It’s not just Walmart’s in-store workers who are demanding better pay. Up and down the Walmart supply chain, workers are fighting back. Yesterday, truck drivers who transport goods from the Port of Los Angeles to the Costco, Forever 21 and the retail behemoth’s stores are staging a surprise strike.
Truck driver Jose Galindo told Salon’s Josh Eidelson he’s considered an independent contractor, which is a convenient classification that forces him to foot the cost for even work basics and allows his employers to pay him less:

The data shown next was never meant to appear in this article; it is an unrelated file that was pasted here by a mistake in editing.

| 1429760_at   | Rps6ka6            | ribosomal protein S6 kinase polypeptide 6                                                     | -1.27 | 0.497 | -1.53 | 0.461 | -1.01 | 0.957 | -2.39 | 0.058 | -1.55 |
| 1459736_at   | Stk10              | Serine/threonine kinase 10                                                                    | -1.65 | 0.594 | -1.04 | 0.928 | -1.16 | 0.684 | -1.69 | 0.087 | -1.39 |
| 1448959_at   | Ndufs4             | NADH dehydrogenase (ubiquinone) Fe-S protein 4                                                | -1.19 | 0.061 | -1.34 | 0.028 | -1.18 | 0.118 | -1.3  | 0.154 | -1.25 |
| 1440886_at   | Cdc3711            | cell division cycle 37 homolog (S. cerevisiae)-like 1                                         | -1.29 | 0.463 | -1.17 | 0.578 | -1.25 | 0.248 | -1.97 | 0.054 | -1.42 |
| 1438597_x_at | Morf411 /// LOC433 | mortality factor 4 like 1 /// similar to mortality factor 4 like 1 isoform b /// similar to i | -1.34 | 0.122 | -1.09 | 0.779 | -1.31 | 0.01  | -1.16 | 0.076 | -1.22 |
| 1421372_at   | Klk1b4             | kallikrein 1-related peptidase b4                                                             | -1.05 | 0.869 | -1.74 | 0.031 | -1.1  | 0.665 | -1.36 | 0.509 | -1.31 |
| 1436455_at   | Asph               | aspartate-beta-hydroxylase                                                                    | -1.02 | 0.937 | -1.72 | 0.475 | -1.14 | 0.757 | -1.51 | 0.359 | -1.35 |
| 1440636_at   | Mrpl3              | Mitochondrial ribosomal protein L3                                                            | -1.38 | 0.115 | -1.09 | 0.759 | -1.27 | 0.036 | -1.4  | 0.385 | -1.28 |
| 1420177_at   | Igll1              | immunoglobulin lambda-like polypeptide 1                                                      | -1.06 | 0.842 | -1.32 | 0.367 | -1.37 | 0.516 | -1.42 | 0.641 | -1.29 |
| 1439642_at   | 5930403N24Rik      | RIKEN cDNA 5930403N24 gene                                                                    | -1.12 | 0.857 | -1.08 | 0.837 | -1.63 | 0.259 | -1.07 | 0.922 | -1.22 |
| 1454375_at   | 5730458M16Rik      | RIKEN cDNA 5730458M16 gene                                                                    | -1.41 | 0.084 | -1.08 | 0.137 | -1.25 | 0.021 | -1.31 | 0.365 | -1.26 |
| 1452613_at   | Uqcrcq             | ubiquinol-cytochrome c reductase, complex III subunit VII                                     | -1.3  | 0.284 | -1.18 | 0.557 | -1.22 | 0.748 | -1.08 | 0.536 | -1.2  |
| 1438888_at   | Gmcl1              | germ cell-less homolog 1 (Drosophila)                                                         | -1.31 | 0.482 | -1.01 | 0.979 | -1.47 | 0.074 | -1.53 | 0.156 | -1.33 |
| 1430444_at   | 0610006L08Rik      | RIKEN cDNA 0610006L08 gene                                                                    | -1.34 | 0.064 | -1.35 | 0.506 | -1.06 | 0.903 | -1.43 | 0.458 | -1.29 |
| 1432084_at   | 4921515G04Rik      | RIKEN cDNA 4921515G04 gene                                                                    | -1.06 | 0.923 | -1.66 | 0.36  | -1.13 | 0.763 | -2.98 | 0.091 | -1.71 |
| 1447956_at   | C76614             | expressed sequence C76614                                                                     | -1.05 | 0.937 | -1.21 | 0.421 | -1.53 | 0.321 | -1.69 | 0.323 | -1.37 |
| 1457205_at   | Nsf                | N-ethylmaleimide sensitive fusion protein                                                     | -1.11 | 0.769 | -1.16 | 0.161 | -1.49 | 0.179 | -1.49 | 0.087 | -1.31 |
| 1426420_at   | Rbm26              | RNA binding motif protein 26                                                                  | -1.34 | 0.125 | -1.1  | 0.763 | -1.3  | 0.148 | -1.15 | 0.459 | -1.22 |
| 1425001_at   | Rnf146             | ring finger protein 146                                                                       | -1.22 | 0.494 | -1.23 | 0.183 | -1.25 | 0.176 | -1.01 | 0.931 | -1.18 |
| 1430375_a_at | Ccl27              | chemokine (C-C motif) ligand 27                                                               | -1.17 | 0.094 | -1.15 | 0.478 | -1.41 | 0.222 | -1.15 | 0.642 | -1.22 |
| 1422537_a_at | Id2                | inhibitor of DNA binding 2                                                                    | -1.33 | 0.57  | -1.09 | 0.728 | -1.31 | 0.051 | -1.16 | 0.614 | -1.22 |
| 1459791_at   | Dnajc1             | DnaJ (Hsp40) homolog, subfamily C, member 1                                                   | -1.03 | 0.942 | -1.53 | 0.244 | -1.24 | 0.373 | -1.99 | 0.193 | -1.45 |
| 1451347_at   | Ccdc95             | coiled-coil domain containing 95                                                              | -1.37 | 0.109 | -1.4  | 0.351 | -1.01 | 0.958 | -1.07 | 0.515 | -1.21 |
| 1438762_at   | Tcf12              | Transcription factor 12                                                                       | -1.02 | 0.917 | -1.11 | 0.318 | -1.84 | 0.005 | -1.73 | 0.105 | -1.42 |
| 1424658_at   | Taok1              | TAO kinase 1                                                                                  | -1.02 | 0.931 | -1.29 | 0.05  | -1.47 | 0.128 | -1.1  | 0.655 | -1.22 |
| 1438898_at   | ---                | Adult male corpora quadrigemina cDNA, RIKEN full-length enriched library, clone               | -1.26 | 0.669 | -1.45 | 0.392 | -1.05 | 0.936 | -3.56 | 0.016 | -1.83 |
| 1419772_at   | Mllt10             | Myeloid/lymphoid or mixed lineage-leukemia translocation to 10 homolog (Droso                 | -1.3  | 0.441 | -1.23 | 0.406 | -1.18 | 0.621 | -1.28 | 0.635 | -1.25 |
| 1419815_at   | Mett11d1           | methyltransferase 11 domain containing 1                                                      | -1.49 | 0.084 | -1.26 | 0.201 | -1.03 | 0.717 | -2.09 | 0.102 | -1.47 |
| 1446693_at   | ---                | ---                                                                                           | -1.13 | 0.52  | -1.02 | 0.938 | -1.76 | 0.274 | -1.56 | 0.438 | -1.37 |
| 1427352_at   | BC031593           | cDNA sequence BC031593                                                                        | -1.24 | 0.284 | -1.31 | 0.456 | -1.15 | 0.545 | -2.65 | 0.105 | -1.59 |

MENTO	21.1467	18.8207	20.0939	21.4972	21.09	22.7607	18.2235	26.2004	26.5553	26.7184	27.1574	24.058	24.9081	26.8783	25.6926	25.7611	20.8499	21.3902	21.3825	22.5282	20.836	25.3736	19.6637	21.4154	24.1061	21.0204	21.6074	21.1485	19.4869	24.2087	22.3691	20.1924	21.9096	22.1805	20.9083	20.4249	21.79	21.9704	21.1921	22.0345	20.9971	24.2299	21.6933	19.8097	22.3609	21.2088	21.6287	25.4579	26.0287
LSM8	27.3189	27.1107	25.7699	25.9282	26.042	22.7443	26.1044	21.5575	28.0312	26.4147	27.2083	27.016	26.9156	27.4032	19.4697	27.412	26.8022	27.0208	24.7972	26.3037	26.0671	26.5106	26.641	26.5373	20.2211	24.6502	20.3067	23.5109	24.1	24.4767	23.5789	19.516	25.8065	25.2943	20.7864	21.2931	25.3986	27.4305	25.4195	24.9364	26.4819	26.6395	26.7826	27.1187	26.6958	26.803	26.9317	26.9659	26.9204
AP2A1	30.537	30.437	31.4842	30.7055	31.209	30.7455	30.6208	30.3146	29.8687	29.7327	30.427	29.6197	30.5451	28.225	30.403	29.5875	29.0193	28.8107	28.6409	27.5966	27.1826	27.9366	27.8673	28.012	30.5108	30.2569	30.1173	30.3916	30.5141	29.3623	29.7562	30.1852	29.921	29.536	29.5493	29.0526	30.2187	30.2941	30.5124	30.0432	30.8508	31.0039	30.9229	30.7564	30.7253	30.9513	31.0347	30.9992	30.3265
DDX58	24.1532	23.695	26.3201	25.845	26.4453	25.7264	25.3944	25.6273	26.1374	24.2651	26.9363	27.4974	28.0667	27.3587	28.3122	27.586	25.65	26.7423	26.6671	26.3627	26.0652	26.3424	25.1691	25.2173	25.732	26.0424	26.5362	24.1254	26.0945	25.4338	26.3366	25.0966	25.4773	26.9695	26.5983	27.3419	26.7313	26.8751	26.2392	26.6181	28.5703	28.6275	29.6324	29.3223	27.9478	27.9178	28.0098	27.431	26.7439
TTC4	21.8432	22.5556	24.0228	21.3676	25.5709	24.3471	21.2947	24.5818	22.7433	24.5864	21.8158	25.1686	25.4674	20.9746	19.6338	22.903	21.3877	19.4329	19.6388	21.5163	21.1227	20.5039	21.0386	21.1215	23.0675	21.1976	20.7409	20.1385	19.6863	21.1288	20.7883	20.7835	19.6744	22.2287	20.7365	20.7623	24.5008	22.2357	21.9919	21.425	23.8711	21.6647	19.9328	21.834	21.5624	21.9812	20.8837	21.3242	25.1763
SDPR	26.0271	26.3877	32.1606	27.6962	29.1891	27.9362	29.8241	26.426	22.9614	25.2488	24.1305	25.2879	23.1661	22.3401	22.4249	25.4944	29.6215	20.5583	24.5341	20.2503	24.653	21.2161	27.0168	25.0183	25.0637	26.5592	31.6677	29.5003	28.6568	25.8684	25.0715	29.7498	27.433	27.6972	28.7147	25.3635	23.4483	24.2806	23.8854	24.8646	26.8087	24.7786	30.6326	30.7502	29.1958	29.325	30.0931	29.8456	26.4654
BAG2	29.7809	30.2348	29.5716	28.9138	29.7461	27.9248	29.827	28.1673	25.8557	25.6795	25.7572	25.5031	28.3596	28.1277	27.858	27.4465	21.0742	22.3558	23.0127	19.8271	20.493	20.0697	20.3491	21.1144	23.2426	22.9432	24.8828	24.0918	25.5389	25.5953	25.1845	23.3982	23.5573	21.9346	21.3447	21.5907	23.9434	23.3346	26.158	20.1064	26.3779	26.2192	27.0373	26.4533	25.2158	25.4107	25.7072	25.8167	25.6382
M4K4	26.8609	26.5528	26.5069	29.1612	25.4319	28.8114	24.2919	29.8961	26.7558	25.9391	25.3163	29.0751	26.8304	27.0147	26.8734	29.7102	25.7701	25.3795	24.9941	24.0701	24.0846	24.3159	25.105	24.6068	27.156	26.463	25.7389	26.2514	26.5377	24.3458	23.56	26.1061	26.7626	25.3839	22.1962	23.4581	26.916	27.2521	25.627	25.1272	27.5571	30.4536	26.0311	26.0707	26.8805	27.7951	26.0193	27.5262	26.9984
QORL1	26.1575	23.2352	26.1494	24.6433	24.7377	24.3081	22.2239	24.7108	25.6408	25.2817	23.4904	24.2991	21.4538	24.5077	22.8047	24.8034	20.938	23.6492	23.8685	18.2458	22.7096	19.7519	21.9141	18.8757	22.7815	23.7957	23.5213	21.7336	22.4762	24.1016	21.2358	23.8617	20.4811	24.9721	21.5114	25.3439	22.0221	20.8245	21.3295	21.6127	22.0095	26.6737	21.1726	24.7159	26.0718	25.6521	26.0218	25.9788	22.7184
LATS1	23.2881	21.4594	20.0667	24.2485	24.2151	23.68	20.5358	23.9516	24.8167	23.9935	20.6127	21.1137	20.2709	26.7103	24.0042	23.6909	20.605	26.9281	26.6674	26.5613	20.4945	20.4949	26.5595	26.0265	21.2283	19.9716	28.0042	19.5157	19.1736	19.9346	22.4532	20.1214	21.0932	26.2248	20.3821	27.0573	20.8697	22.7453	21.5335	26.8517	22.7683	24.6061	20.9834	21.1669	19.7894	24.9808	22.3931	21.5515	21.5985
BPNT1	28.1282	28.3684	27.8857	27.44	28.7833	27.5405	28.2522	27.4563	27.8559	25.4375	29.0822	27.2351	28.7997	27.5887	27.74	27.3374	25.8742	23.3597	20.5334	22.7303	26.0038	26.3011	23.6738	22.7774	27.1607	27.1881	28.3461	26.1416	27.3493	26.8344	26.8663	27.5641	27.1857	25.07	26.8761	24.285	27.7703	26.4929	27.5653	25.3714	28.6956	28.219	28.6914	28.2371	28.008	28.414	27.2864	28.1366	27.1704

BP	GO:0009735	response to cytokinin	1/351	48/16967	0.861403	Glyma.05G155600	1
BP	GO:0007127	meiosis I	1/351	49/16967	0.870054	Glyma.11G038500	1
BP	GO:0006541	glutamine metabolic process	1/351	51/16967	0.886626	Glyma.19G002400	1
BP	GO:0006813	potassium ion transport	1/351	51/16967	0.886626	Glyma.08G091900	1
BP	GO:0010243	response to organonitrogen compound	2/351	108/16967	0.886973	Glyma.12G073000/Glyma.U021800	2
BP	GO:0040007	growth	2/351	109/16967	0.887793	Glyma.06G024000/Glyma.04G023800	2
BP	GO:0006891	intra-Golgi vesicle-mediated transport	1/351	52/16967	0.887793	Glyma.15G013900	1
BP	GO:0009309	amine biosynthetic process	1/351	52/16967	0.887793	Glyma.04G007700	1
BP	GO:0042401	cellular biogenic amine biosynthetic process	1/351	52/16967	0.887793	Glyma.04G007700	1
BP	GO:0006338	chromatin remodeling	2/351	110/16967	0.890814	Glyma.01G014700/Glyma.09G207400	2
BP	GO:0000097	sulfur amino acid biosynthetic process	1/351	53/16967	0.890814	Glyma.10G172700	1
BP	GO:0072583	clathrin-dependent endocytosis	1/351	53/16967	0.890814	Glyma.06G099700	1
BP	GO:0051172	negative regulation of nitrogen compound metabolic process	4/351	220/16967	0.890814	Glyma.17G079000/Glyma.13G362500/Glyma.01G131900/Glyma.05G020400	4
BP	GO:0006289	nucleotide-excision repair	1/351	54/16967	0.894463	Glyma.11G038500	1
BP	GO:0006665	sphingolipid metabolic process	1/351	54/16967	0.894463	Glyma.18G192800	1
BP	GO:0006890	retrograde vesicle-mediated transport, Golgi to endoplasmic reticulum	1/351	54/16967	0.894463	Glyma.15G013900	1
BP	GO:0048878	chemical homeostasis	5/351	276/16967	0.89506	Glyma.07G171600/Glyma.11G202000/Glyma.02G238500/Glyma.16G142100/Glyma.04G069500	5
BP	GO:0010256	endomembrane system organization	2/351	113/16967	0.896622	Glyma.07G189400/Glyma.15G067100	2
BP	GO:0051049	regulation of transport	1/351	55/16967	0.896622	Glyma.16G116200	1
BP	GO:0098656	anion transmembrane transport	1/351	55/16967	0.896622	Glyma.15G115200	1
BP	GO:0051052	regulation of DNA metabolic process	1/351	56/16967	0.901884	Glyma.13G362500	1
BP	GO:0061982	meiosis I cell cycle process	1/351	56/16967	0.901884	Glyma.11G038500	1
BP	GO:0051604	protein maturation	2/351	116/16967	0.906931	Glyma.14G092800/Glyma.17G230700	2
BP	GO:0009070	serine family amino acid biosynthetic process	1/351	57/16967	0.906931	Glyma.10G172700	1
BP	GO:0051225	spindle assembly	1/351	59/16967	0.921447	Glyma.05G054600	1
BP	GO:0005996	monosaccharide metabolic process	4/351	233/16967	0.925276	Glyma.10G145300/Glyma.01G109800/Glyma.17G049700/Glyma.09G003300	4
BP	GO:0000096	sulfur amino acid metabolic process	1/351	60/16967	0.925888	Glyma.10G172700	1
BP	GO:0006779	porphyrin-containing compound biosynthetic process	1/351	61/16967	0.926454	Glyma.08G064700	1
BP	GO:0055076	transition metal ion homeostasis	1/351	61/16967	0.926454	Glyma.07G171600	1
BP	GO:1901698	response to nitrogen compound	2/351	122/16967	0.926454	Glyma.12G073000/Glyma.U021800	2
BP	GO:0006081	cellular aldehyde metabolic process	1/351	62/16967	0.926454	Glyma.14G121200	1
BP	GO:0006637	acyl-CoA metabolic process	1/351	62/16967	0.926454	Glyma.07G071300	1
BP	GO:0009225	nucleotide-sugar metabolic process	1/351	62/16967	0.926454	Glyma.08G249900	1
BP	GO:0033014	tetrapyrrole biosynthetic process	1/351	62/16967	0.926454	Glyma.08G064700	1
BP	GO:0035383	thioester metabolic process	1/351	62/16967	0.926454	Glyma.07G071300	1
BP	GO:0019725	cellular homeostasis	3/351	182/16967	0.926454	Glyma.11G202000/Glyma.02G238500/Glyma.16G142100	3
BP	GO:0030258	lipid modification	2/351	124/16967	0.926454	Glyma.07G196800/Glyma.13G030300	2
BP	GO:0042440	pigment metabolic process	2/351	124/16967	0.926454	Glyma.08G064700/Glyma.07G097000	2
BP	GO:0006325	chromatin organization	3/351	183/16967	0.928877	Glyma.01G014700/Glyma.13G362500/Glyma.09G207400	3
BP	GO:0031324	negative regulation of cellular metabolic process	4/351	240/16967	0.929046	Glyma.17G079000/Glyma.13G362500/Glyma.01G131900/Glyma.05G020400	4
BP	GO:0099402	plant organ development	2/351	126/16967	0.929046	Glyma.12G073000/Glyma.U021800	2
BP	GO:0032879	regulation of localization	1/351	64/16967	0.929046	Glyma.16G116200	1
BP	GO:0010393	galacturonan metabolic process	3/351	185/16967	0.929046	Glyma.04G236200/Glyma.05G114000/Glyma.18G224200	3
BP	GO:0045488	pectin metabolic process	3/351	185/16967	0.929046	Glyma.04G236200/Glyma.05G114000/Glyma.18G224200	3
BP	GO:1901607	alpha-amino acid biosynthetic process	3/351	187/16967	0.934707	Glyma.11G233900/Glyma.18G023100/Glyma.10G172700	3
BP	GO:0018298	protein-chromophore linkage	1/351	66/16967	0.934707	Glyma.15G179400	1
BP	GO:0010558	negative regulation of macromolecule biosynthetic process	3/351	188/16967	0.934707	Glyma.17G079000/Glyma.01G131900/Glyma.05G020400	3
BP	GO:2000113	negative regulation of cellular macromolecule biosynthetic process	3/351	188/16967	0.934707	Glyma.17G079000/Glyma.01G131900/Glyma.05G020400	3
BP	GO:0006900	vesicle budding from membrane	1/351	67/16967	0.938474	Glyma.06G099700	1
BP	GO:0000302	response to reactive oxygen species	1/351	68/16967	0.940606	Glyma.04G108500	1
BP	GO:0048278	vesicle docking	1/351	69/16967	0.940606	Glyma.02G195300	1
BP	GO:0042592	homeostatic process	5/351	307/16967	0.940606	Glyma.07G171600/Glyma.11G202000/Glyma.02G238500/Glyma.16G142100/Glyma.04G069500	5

“Like employees, they tell us where to go - we can’t negotiate on many things,” said Galindo. But “we pay for gas, tires, maintenance” out of pocket, “even though the truck is not ours.” Lacking minimum-wage protection, he added, “Sometimes I can be stuck at the ports for three or four hours” waiting in line, “and the company doesn’t pay us for the time.” Galindo told Salon that after he ripped a shoulder tendon while working on the landing gears of his truck, his disability payments were cut off early because the company told the government he was a contractor.
Walmart truck drivers, warehouse workers, and store workers have been organizing very public actions the last two years, including strikes, protests, and acts of civil disobedience to demand better wages and an end to the worker retaliation which has followed those who speak out. More are planned as the holiday shopping season heats up.